Pneumonia in the Pregnant Patient: A Synopsis

, and , Division of Pulmonary and Critical Care Medicine, Winthrop University Hospital, Mineola, NY

Disclosures

Medscape General Medicine. 1999;1(3) 

In This Article

Epidemiology

Review of the literature shows a widely varying incidence of pneumonia in the pregnant population, reflecting both the population studied and the era in which the survey was conducted. Hopwood, Benedetti, Berkowitz, and Madinger have compiled leading surveys of pneumonia epidemiology. In 1965 Hopwood[8] studied 2720 pregnancies, finding an incidence of pneumonia of 1 in 118 deliveries. Benedetti and coworkers[9] retrospectively studied 89,219 patients in both university and county hospital settings during the 3-year period from 1972-1975, finding an incidence of pneumonia of 1 in 2288 deliveries -- a significant decline compared to that reported by Hopwood. Madinger and colleagues[10] found that pneumonia complicated 1 in 1287 deliveries at a community hospital over a 5-year period from 1983 to 1988. Finally, Berkowitz and LaSala[3] retrospectively examined 1120 case records at a large city hospital from 1988 to 1989 and found antepartum pneumonia to occur in 1 of every 367 deliveries.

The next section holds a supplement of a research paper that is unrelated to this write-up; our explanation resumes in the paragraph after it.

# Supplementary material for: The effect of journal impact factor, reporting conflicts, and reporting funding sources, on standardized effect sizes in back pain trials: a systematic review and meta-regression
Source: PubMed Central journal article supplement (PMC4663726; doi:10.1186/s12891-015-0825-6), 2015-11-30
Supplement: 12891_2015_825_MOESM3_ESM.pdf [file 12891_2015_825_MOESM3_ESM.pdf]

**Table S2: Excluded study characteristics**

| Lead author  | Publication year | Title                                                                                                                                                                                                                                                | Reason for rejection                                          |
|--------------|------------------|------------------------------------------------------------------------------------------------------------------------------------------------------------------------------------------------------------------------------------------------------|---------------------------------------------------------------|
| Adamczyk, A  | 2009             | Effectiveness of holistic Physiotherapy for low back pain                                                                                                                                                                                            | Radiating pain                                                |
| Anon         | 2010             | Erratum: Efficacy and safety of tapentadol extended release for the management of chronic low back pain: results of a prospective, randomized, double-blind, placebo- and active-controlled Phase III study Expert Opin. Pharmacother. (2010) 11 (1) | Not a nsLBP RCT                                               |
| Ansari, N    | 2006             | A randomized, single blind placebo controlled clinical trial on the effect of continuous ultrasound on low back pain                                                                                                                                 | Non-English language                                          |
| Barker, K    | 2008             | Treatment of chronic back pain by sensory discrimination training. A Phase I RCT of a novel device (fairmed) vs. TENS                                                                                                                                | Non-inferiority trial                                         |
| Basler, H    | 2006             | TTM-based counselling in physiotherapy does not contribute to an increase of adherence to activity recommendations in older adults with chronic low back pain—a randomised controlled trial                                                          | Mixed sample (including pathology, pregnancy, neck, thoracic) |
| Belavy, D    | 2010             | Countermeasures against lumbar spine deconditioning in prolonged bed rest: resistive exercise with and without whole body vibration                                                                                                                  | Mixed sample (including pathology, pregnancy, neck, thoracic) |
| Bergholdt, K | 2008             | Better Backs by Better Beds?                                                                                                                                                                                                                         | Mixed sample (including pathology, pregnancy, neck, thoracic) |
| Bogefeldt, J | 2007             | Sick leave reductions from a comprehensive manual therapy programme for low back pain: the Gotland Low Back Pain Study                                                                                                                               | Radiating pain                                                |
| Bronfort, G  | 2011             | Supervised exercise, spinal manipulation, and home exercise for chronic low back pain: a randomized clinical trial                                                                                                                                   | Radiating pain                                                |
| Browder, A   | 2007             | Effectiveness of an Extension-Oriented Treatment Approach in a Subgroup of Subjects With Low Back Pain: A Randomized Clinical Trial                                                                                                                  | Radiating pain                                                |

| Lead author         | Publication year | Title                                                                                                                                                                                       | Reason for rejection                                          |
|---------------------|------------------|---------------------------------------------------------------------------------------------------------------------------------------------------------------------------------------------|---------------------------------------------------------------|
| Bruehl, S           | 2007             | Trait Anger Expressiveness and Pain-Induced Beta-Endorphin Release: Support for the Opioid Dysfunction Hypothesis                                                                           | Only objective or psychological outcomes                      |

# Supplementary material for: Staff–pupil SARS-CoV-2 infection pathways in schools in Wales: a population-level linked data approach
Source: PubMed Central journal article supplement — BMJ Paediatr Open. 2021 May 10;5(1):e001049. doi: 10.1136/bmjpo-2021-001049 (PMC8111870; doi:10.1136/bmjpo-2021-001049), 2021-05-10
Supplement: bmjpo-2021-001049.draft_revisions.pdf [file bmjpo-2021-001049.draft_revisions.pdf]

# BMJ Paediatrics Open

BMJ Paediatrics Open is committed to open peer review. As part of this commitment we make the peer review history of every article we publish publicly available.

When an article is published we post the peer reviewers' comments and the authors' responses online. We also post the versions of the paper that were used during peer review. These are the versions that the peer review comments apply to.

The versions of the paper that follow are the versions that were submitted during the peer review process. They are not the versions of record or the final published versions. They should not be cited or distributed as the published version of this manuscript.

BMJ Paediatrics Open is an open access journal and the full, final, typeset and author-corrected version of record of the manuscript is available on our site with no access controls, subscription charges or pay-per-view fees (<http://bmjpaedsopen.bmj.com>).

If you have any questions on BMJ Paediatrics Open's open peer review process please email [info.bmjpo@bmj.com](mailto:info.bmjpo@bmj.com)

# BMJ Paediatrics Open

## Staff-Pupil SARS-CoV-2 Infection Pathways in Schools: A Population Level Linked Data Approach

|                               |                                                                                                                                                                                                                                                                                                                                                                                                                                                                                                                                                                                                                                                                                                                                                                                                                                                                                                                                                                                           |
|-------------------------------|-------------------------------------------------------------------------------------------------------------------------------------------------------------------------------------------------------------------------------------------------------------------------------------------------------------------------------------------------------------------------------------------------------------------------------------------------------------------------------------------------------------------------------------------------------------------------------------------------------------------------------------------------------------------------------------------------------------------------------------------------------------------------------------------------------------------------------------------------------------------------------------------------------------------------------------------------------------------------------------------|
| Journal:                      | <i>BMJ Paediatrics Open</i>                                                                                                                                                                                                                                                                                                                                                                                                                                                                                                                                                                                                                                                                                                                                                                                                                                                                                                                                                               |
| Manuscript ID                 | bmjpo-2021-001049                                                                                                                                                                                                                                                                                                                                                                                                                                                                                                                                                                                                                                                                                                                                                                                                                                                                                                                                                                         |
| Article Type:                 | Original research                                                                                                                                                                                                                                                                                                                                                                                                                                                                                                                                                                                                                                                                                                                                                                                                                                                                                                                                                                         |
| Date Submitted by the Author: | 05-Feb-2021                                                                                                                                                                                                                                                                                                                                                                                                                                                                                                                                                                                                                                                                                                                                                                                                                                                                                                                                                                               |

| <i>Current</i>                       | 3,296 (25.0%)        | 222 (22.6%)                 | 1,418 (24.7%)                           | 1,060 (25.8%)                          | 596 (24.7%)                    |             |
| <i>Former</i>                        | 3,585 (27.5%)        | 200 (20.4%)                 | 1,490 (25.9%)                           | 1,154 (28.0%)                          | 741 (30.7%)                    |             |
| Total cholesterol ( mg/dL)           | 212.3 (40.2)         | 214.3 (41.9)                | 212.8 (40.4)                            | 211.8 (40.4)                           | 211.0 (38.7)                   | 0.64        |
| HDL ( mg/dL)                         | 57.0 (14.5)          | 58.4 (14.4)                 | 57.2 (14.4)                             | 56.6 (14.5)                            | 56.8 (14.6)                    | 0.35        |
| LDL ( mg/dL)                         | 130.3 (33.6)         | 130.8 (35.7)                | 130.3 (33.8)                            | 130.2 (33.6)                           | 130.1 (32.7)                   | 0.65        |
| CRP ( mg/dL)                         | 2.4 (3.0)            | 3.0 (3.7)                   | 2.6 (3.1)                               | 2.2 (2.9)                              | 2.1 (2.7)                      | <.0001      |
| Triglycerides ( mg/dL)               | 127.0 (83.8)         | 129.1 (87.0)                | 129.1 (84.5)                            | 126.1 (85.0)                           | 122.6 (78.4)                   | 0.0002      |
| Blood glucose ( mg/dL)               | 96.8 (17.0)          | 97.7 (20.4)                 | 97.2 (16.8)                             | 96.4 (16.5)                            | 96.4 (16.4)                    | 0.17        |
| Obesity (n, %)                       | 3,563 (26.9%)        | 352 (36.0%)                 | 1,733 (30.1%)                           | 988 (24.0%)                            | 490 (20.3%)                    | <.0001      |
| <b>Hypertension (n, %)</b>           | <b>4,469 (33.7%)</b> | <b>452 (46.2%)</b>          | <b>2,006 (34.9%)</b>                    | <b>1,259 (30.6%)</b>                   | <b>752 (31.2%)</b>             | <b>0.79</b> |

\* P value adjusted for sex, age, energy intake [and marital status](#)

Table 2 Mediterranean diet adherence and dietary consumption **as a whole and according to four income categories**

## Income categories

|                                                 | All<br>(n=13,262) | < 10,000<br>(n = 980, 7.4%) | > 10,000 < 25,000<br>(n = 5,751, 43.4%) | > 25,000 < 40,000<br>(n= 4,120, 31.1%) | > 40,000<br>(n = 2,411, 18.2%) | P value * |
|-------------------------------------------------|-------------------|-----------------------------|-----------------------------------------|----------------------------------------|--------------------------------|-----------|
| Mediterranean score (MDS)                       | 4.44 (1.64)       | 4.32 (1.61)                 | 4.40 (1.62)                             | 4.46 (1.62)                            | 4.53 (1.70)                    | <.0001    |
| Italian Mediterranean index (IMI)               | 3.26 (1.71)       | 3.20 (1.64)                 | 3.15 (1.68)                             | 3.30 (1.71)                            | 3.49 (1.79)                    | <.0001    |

This fairly recent rise in the incidence of pneumonia reported by the Madinger and Berkowitz series relative to Benedetti may be a reflection of the increasing frequency of chronic illness among pregnant women today. Perinatological advances allow us to carry a more chronically ill woman through to the completion of pregnancy, whereas previously this may not have been the case. There is also an increased incidence of newer immune deficiencies, including HIV infection, all of which may predispose the pregnant patient to other infections such as pneumonia. Other factors that place the pregnant patient at increased risk for pneumonia are tobacco use, illicit drug abuse, and prior heart disease. Admittedly, these factors present a similar additional risk to the nonpregnant patient as well, but the underlying host "immunologic defect" in the pregnant woman -- which will be discussed later -- is yet another hazard that increases the likelihood that any pneumonia developing in the pregnant woman will be more clinically significant than in her nonpregnant counterpart.